With L-B heading off for the school bus shortly after 7.30am each morning, we're all up a bit earlier now. It was still dark outside when I crawled out from under a very warm duvet and opened the wardrobe to inspect what was a) clean b) businesswear c) vaguely matching.

To my mind I'd selected a blue jacket, blue stripey shirt and grey trousers. Anyway, more of that later.

The effects of a non-stop weekend had left me with the seeds of a migraine. Sophie and Rory fighting just before we left for school brought the first shoots of pain and vivid colour, and by the time I got into the office and sat down at the PC, my brain was somewhat disconnected from the rest of me.

Anyway, a couple of migraleve later, I was printing out a credentials pack for the three people I was meeting as I pitched to take on the PR for a hotel/conference centre. Now external media relations is stretching our skills a little - I have done it, but not for a while. However, this potential client approached us and this was a call-back following an initial meeting.

I was driving over beyond Oxford for the lunchtime meeting, my head now settled into a dull throb, when I glanced at my grey flannel trousers. They were, of course, not my grey flannel trousers, but a pair of suit trousers, black with brown pinstripes. Funnily enough, they go great with the shirt. Also the shirt goes really well with the jacket. But the jacket and the trousers actually don't match up at all.

By now I was past Oxford with just 30 minutes to get to the meeting - no chance to nip home and change or even into a shop to get something more appropriate. No surprise them when the headache began to kick back in.

I arrived at the potential client and met not three but four immaculately dressed execs. I'd explained by e-mail that my pitch style was conversational and that I would rather talk with them than merely do a show-and-tell presentation.

For the next 40 minutes they sat stony faced; hardly an interjection; no signs of emotion really either way. It also seemed that the brief I was working to had moved on, so much of the basis for my PR plan was on very unsteady ground. One person in the meeting grew openly hostile, another said absolutely nothing in the who 90 minutes I was on site. Meanwhile a small team of navvies was alternately drilling at the back of my eye sockets and then hammering at the inside of my temples.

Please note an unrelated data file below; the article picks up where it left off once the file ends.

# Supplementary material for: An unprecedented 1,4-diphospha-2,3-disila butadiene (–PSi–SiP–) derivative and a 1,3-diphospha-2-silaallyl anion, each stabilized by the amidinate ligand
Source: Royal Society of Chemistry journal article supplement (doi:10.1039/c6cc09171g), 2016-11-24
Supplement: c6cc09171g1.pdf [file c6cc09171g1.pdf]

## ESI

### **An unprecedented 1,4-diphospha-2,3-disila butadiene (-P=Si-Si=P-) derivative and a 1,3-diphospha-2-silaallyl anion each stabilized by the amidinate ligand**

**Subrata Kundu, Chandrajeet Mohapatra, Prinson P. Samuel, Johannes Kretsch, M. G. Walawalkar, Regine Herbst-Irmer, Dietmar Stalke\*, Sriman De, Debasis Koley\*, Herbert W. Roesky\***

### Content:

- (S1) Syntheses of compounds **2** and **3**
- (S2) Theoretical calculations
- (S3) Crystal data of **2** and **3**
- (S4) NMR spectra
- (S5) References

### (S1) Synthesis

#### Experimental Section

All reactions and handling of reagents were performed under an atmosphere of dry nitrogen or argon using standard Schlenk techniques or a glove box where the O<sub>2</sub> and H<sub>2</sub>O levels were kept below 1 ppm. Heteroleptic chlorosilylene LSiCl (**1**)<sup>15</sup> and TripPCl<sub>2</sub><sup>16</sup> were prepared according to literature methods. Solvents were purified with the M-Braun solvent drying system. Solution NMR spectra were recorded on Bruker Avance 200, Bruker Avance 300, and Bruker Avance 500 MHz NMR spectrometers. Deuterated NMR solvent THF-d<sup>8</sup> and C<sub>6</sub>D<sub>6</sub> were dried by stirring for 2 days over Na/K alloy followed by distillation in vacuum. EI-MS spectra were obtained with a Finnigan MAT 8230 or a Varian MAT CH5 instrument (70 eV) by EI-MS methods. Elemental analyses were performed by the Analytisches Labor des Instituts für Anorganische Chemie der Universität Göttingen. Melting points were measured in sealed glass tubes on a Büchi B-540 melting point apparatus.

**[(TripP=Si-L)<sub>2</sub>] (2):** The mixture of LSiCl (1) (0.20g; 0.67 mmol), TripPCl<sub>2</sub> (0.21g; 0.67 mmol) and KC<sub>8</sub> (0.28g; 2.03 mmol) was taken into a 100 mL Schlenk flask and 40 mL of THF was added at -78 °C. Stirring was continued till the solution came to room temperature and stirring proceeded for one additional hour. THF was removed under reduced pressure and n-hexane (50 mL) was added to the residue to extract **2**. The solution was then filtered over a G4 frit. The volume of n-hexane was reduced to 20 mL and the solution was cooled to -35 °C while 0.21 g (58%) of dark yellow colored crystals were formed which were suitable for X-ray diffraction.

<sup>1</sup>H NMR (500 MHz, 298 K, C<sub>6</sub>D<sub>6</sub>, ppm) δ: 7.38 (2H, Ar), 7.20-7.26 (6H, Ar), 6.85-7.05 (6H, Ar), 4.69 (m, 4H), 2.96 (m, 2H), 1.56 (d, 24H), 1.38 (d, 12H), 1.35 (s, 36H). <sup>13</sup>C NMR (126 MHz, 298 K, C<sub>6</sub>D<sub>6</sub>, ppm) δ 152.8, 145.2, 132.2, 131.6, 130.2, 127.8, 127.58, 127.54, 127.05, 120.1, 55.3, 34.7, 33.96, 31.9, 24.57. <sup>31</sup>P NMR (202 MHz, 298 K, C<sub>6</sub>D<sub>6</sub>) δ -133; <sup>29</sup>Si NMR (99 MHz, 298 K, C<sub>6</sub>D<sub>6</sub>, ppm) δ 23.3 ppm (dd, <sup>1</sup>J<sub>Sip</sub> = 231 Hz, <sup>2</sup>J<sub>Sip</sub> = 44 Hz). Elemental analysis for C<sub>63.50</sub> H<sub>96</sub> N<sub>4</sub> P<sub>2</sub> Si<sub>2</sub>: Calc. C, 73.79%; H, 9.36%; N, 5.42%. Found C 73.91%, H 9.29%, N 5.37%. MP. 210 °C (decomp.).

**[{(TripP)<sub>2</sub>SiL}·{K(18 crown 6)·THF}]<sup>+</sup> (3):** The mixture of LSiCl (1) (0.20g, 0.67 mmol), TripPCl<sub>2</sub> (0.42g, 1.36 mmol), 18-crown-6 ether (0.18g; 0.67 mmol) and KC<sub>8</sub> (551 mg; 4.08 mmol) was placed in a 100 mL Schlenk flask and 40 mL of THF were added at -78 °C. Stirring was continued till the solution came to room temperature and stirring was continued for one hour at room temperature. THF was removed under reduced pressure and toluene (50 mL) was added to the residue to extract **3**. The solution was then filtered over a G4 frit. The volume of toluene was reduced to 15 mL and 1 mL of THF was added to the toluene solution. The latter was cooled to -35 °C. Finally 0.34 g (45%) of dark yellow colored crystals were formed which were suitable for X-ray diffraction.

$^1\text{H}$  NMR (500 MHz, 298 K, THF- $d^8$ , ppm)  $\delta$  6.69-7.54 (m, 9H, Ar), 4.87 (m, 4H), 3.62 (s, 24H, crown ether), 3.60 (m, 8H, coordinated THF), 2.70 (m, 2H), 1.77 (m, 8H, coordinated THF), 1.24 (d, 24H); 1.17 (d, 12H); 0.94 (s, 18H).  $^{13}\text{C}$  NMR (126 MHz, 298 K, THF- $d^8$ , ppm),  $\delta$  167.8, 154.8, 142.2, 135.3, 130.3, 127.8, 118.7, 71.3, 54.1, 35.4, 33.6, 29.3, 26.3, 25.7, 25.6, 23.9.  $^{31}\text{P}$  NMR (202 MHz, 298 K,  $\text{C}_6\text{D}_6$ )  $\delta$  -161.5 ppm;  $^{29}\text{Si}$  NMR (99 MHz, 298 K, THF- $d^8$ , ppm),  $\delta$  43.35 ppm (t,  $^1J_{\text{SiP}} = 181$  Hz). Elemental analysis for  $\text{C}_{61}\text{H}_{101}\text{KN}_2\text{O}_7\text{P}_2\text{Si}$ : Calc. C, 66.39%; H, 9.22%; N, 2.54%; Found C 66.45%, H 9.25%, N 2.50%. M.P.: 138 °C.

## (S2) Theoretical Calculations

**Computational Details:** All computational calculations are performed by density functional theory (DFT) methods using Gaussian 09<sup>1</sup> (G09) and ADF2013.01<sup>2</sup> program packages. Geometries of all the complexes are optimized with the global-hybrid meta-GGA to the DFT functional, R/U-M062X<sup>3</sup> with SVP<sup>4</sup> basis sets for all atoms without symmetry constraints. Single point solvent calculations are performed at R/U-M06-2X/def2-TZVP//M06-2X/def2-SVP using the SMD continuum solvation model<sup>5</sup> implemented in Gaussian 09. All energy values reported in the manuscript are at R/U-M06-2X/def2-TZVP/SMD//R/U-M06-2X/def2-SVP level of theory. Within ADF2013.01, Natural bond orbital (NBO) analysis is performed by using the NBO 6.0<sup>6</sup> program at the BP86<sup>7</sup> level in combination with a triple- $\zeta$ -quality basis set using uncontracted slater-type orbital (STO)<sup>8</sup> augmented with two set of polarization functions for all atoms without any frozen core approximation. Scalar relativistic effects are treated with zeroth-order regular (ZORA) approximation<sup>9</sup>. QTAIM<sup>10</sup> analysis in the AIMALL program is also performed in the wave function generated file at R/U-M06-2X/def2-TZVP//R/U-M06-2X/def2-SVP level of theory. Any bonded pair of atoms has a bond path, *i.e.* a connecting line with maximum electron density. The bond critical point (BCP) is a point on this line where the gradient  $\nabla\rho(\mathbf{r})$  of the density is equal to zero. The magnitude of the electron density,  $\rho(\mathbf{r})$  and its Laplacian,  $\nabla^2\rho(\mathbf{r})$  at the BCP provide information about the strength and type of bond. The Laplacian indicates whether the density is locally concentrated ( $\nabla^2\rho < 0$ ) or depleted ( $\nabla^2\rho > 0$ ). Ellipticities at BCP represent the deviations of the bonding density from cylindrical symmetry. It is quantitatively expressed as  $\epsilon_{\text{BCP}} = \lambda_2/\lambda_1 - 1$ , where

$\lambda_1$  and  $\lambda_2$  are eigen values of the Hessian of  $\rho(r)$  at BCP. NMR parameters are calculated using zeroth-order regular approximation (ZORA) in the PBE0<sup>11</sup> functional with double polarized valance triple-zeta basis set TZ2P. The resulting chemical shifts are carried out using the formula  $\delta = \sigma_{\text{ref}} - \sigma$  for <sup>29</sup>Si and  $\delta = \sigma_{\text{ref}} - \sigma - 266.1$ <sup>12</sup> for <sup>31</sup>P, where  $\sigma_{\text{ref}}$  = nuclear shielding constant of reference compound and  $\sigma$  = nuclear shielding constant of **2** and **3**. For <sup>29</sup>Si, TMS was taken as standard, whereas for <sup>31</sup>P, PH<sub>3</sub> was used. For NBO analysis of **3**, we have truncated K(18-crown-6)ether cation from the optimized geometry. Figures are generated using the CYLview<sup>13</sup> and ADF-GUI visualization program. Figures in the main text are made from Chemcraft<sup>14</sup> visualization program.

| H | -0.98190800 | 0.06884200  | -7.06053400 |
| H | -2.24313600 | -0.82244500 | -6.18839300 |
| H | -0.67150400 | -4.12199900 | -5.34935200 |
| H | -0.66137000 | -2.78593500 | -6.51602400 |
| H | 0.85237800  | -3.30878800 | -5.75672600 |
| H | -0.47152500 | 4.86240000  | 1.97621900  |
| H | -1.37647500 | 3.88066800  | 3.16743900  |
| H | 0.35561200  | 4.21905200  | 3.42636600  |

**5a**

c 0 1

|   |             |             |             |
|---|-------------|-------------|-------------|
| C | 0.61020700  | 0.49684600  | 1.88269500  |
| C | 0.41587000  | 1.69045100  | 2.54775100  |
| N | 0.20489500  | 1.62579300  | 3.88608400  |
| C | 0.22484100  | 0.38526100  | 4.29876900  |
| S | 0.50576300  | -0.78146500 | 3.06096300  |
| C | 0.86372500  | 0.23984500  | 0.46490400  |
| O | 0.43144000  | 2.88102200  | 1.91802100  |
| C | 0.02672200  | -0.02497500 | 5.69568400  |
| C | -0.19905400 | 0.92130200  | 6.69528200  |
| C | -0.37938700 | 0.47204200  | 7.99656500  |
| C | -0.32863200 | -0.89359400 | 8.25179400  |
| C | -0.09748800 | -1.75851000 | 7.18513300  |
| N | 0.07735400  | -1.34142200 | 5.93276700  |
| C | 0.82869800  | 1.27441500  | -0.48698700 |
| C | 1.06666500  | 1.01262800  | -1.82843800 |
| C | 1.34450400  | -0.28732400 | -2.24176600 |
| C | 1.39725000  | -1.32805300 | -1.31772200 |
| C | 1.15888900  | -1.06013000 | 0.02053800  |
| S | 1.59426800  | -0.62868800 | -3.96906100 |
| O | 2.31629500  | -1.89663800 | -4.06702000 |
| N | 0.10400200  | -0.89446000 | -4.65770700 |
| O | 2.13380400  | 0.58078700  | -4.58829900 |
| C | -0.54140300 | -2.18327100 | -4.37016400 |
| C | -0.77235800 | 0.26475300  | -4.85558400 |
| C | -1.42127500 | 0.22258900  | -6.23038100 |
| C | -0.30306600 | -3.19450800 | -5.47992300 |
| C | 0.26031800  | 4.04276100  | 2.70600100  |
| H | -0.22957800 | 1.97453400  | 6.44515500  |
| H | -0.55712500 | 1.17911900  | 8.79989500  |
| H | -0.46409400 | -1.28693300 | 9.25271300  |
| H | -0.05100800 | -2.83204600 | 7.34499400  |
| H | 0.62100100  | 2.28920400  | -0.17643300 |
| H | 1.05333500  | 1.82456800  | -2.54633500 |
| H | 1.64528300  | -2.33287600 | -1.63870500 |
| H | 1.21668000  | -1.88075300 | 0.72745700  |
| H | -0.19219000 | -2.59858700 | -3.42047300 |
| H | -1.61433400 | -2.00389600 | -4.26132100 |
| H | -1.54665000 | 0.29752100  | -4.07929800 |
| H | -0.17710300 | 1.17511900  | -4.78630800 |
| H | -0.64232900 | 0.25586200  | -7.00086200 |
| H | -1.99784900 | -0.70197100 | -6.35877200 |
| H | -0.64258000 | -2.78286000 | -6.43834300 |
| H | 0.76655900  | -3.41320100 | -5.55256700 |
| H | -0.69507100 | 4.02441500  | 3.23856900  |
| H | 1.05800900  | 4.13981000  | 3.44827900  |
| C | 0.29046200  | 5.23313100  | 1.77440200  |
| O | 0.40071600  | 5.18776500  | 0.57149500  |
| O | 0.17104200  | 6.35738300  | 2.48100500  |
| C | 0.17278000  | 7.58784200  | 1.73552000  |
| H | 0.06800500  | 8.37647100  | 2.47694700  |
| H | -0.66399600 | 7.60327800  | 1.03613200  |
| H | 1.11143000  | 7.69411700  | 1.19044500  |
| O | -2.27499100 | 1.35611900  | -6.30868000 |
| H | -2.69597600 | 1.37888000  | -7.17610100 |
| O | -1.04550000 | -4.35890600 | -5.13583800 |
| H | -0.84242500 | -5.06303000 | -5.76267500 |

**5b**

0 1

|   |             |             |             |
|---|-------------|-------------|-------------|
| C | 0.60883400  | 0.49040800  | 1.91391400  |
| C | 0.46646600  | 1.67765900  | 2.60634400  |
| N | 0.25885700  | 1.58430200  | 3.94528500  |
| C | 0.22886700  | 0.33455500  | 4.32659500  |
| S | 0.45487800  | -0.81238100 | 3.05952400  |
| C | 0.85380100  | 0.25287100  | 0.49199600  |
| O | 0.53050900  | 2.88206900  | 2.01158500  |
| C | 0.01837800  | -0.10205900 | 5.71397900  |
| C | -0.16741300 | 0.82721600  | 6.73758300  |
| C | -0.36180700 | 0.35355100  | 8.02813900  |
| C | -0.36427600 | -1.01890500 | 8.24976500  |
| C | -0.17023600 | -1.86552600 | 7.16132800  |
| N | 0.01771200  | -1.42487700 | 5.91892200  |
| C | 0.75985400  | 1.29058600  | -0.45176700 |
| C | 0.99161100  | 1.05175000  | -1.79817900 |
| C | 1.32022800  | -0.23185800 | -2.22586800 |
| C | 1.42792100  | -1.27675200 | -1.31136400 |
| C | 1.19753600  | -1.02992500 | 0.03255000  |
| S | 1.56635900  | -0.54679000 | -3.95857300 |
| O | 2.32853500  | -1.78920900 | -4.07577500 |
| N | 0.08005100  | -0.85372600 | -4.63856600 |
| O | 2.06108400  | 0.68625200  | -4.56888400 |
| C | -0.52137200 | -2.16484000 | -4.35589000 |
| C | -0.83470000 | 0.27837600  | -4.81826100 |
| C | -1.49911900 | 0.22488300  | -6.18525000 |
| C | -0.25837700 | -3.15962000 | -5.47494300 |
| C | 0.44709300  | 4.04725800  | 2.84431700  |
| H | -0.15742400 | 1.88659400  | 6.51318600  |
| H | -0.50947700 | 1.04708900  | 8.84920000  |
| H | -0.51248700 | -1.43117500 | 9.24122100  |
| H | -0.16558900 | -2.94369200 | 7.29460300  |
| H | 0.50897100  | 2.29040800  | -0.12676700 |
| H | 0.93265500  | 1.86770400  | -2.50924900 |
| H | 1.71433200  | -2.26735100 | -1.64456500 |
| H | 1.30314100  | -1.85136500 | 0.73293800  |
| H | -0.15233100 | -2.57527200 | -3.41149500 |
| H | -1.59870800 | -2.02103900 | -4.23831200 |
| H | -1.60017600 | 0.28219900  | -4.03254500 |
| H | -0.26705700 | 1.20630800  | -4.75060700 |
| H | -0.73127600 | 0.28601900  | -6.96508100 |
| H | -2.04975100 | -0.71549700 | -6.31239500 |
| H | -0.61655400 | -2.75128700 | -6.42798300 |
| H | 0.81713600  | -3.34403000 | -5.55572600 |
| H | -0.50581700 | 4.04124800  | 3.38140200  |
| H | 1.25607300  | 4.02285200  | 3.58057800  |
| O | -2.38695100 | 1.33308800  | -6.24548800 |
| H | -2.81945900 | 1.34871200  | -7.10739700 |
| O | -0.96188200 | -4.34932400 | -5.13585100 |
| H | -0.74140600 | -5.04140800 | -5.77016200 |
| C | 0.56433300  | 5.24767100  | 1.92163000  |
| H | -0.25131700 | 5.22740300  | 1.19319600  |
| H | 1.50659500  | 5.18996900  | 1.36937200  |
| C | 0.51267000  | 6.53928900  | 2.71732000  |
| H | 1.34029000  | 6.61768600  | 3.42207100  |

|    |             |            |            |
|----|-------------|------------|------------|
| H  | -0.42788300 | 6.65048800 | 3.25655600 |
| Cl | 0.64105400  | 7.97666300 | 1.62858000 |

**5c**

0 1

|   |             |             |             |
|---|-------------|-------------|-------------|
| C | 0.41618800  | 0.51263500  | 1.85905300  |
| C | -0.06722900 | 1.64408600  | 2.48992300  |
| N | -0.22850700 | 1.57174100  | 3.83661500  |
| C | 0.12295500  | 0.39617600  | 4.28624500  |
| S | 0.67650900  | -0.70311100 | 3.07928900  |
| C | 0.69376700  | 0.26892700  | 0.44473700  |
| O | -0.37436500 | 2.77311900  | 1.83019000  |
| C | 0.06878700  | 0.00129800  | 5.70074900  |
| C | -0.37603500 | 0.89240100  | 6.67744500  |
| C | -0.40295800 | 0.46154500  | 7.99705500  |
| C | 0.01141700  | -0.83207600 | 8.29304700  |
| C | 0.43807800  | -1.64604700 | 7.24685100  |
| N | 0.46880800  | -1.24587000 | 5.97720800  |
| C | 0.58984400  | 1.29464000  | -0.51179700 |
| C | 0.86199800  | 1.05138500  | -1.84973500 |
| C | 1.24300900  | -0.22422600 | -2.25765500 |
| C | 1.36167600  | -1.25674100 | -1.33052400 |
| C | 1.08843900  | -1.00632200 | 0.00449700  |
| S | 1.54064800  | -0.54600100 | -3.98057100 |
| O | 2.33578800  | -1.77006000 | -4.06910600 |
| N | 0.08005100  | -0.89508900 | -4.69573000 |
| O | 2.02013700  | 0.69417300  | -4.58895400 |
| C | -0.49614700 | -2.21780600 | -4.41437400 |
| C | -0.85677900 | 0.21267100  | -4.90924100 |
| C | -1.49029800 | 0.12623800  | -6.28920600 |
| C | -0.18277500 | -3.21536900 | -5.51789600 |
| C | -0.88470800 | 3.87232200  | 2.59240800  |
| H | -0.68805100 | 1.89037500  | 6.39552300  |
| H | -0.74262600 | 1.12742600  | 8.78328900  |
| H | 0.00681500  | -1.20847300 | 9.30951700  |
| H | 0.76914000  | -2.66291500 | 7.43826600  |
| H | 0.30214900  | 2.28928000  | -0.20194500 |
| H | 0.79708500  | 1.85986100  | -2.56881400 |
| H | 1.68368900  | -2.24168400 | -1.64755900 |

I alternately wanted the ground to open up and swallow me and to slap the new marketing manager whose role seemed only to score points at my expense. Of course I just smiled, was polite and carried on climbing the north face of Everest.

I know we could do the job and do it very well for the client. Our prices are keen and our ideas - based on the brief - were sound. However, I came out of the meeting feeling that our chances of success are about the same as a snowball in my oven lasting through Christmas.

I'll wait and see for the client to come back......But the blue jacket/brown pinstripe combination was NOT a good idea.

Wednesday, November 23, 2005

Mucked around

I really enjoy most of the aspects of being part of a very small company. We get to work on some really nice projects and there's no opportunity for the corporate politics and back biting that occurs in larger organisations. The downside is that clients and others know we're small - and simply don't give us the respect they'd accord a larger business.